Video Games


Basic Programming

created and published by Atari / Telegames in 1978, running on Atari 2600 VCS
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type: edutainment
perspective: other fixed camera
player options: single player
languages: eng other

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An historically significant title. An Atari VCS & this game cart were cheaper than a computer thus an introduction to programming was made widely available to whoever was interested learning how to create their own games (or applications). Some programmers that grew up in the early 80s got their first programming experience using this product.
It doesn't really teach BASIC so much as it teaches how some aspects of programs work. The computer language used superficially resembles BASIC but has some similarities to assembly language; though it is not either. More impressive than the language is the interface. It really is a rudimentary IDE. There are 6 'regions' to the interface that are expanded or hidden as needed. Sizing was done automatically to facilitate the current task. The user had control for manually showing or hiding the individual regions. (This was before GUI. Today this arrangement might be called stacked tiled hide-able frames). The program's execution or lack thereof is unaffected by the view of regions (multitasking! On the VCS!). The regions are, Program, Stack, Variables, Output, Status, and Graphics. Program is where the user actually entered and saw their application's code. Stack showed what the program was doing as it ran (it stepped through the program at the rate determined by a SPEED value). Variables is a watch list that displays all variables and their current values. Output is the ext display that programs can manipulated and show; this is where you see the text of the game. Status shows just home much resources of the poor VCS are left available and the current execution speed. Graphics is where two sprites can be manipulated and shown (this is where you see the graphics of the game).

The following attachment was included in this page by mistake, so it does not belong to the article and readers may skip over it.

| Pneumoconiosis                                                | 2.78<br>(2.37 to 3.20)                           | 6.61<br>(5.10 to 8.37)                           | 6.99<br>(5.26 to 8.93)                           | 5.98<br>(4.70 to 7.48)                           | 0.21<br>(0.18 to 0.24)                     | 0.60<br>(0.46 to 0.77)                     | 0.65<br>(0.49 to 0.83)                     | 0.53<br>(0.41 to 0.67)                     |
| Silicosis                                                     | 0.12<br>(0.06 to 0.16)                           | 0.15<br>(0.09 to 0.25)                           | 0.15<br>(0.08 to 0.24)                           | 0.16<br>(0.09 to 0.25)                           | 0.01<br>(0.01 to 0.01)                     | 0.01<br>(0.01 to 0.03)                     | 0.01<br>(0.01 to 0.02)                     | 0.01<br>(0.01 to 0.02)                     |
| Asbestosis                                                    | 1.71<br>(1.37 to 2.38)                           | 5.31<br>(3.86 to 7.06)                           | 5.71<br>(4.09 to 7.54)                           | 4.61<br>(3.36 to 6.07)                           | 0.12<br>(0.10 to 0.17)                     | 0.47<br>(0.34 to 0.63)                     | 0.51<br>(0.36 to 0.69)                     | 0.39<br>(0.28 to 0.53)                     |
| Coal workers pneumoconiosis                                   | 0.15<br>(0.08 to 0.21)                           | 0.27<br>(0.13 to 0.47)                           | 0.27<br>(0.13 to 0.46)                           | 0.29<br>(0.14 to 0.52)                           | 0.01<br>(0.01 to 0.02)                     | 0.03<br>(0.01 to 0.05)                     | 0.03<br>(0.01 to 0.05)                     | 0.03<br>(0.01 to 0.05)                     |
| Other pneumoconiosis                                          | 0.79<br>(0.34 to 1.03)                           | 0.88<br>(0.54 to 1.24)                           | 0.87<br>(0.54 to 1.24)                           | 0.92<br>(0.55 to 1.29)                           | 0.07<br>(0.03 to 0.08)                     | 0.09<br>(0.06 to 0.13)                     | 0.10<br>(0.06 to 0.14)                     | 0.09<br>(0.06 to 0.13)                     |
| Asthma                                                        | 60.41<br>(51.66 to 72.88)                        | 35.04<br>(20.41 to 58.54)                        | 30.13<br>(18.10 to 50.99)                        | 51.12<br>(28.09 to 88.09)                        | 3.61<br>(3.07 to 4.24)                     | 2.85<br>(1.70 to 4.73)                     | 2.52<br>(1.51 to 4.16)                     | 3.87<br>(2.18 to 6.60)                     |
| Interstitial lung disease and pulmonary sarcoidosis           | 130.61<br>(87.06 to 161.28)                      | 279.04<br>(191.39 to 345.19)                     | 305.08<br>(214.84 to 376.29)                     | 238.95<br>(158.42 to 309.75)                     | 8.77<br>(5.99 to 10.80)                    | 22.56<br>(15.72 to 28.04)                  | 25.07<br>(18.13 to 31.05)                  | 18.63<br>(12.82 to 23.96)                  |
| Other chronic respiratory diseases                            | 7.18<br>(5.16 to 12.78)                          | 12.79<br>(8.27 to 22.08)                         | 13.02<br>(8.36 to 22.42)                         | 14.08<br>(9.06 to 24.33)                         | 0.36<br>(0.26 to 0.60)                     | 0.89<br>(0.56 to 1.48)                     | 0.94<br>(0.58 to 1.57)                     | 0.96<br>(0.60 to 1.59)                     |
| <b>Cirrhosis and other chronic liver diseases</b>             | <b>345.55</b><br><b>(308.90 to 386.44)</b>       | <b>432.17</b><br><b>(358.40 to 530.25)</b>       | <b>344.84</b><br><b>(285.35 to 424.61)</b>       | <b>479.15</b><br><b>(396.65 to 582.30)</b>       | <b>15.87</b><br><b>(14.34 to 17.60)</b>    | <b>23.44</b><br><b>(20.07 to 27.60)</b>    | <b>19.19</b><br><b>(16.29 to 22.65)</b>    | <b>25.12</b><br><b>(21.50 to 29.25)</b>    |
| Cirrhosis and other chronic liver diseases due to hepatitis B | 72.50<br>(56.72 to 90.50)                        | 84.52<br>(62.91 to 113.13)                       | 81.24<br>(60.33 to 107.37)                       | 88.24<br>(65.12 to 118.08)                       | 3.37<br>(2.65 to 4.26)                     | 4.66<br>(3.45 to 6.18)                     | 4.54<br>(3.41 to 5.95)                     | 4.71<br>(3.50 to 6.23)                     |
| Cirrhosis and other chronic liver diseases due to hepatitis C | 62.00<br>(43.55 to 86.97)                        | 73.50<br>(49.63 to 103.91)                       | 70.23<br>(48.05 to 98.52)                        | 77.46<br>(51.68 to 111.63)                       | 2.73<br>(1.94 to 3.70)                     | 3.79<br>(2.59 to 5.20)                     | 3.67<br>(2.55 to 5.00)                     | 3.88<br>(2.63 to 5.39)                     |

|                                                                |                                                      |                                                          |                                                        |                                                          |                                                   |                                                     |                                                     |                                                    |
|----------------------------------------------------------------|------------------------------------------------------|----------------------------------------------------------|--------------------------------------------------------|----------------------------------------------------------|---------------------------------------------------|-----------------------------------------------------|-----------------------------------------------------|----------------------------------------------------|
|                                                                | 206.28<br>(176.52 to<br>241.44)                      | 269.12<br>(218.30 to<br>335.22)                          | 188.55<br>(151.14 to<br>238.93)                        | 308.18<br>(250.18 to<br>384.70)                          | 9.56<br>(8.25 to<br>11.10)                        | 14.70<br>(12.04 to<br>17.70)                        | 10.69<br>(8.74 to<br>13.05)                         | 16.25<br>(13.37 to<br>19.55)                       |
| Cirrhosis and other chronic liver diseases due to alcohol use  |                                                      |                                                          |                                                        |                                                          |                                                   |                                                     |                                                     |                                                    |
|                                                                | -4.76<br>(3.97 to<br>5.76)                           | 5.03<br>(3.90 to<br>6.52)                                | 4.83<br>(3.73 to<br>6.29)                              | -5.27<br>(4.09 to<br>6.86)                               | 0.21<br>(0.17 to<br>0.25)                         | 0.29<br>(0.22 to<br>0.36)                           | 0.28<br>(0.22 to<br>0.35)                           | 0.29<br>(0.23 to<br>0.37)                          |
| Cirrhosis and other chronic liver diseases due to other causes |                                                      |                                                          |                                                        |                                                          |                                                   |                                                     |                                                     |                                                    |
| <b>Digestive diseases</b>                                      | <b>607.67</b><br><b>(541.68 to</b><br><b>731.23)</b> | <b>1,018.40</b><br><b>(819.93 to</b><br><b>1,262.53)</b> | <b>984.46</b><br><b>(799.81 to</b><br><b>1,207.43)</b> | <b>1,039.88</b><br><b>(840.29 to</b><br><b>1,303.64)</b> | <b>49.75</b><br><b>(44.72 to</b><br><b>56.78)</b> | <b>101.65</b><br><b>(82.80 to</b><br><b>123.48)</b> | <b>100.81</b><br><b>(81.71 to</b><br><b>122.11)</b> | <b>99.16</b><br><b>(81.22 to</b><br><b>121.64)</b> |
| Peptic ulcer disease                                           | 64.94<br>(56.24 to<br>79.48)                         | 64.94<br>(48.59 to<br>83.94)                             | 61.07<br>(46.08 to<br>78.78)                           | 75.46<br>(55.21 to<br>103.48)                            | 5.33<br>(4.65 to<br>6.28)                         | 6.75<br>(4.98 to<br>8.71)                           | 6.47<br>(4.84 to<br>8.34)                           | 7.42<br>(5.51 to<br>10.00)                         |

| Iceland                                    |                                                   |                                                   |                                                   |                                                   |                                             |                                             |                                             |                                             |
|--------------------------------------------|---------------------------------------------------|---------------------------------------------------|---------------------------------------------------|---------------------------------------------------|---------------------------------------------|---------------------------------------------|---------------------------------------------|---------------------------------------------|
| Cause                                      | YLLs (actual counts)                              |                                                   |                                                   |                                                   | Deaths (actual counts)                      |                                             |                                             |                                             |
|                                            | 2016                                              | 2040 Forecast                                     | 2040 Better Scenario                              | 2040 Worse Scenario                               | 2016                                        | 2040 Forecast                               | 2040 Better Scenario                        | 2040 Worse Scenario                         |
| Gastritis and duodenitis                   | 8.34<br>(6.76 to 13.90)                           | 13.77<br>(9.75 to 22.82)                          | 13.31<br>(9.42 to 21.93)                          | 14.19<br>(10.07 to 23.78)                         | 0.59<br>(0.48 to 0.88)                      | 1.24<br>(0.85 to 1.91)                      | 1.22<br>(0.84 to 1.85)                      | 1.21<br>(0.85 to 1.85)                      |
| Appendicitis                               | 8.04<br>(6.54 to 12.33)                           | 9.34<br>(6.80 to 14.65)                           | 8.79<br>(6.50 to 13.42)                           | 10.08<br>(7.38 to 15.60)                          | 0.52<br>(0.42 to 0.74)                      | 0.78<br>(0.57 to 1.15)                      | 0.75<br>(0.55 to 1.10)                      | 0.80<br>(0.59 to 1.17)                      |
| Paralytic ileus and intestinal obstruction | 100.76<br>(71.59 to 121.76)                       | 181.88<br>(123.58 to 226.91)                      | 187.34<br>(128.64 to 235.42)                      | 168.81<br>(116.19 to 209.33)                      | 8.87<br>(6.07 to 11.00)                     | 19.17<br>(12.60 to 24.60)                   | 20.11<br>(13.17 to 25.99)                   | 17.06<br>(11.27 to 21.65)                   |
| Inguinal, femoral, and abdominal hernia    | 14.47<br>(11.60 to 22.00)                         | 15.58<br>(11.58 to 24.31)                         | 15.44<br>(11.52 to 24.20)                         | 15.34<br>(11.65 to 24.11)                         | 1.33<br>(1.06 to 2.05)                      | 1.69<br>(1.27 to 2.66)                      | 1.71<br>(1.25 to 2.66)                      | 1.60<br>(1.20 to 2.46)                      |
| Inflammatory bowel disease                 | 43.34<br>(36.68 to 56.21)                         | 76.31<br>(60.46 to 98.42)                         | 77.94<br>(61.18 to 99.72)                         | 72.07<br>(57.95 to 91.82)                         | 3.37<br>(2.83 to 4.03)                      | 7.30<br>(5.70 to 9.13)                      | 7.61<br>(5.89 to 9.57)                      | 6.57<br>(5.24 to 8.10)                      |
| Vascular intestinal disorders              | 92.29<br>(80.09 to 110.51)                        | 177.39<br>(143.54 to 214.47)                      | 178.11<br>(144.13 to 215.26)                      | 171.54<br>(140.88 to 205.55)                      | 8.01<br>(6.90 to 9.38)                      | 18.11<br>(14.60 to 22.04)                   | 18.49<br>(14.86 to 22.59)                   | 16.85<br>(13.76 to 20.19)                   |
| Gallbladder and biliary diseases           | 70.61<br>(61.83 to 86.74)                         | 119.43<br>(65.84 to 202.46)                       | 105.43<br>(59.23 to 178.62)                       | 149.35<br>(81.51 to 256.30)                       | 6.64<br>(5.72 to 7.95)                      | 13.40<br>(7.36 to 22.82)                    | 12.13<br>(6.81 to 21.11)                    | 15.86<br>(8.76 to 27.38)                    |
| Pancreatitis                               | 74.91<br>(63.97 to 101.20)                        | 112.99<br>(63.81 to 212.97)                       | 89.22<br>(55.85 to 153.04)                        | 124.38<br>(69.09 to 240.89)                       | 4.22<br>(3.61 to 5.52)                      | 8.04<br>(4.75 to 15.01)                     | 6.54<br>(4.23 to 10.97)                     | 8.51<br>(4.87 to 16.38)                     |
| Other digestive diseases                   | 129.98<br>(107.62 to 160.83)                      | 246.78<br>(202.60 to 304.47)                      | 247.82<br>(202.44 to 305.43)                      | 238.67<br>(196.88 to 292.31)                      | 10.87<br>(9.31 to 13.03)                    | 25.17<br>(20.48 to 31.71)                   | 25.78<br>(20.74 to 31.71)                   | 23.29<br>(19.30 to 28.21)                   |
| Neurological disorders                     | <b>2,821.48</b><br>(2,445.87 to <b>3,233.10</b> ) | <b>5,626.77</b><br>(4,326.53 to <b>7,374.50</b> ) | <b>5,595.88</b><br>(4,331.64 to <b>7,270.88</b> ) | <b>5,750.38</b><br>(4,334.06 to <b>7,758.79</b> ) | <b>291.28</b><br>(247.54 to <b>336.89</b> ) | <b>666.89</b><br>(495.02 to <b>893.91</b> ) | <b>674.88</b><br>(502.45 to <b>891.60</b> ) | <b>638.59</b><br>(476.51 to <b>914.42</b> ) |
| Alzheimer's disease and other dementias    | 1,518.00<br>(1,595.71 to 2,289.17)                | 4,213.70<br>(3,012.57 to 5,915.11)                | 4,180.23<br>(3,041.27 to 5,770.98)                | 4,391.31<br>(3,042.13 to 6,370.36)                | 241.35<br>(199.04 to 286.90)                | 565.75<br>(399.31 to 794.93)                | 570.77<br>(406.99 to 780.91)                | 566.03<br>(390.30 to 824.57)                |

Applications could mathematically and logically manipulate and compare variables, do if..then..else statements, print text, move the sprites. Several sample applications are included in the manual. The most impressive of which is Pong with sound.

Uses a very innovative interlaced display mode for text display.
(Zerothis) - # 2006
Technical specs
display: text, raster (mixed)
Authors / Staff


Warren Robinett (developer)


Dave Crane (alphanumeric display routine)
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Etoys (Linux)

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Basic Programming in-game screen.
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